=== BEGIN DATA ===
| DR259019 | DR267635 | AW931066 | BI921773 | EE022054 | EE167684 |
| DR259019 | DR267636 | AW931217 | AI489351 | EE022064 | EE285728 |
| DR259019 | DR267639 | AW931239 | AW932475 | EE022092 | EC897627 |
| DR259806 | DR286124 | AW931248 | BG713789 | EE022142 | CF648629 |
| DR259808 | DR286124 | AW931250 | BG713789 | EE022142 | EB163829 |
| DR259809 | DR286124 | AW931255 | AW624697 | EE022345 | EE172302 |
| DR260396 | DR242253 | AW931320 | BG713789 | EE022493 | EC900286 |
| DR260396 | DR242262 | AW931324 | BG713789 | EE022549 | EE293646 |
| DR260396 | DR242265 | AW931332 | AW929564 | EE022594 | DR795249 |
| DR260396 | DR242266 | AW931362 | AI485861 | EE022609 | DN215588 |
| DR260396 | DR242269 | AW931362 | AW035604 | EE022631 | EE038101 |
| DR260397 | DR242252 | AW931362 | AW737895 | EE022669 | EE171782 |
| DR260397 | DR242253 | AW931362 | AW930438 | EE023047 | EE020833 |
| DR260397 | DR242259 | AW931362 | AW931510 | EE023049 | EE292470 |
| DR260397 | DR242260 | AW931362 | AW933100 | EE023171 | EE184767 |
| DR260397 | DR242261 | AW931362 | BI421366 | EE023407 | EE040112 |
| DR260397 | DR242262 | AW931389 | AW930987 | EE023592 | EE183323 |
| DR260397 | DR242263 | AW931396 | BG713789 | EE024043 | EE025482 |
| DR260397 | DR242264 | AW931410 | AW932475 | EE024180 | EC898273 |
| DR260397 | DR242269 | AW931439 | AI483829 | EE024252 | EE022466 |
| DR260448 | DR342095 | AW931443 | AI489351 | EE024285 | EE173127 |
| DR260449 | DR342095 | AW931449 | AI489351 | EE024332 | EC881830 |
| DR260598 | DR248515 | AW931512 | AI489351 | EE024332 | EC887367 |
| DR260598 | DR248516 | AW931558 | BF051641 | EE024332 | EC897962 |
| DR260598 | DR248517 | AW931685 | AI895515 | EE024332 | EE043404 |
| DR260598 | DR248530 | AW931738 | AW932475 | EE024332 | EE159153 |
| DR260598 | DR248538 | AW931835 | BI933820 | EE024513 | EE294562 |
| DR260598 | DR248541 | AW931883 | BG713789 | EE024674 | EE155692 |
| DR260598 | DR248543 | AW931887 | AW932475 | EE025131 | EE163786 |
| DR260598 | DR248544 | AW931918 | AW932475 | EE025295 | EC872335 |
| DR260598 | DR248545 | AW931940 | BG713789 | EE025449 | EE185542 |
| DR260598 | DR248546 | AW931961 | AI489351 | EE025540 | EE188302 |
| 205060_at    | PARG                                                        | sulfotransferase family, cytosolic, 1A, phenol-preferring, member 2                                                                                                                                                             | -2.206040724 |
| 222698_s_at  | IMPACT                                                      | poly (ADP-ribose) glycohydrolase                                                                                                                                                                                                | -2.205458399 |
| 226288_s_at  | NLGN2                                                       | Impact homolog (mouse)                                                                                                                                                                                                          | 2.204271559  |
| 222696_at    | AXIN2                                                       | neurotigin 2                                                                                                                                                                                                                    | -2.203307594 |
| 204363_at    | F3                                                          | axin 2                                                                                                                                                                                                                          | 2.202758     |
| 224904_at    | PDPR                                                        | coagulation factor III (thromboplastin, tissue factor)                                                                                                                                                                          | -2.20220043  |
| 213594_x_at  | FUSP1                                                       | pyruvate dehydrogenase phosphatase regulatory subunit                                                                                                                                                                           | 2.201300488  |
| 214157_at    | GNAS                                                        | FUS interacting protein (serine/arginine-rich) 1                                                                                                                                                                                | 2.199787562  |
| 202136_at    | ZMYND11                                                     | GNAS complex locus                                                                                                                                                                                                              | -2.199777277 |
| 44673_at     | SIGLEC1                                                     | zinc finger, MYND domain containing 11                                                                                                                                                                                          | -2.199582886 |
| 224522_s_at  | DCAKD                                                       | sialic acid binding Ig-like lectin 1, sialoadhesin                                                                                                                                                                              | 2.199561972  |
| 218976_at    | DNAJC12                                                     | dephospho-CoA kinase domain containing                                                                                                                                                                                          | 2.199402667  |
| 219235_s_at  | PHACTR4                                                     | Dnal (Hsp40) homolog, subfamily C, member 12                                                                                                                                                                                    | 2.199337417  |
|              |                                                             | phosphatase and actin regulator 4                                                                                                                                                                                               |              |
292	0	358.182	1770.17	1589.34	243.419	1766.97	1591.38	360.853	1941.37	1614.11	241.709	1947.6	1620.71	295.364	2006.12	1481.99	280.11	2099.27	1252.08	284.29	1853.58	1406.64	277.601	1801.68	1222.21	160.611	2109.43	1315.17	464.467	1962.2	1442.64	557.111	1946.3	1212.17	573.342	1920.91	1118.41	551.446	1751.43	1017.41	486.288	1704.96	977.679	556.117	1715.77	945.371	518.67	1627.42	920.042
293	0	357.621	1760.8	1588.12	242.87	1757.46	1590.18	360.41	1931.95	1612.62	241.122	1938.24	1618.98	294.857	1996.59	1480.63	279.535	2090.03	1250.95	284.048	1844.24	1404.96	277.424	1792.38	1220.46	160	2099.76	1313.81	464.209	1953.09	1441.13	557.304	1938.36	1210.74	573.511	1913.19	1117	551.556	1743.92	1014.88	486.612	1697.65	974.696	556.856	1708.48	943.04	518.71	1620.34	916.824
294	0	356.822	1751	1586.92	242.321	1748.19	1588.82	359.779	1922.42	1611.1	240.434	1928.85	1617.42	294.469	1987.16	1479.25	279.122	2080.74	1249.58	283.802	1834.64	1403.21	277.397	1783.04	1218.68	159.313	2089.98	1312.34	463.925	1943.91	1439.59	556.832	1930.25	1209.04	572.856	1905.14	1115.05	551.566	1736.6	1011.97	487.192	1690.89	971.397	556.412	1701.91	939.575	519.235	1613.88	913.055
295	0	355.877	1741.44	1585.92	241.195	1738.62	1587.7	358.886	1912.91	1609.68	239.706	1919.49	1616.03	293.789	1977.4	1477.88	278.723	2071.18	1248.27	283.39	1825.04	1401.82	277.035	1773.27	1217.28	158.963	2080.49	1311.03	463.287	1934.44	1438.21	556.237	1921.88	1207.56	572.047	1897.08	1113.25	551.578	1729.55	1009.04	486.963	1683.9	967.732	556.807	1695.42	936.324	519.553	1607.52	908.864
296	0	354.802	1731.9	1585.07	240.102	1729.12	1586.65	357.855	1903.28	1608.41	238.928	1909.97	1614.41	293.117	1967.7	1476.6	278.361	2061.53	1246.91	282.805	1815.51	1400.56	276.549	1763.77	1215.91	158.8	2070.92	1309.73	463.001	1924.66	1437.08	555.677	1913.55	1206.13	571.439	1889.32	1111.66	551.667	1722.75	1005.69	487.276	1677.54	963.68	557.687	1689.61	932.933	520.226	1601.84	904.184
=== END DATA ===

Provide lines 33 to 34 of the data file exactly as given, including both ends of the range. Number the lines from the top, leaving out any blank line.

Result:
| 205060_at    | PARG                                                        | sulfotransferase family, cytosolic, 1A, phenol-preferring, member 2                                                                                                                                                             | -2.206040724 |
| 222698_s_at  | IMPACT                                                      | poly (ADP-ribose) glycohydrolase                                                                                                                                                                                                | -2.205458399 |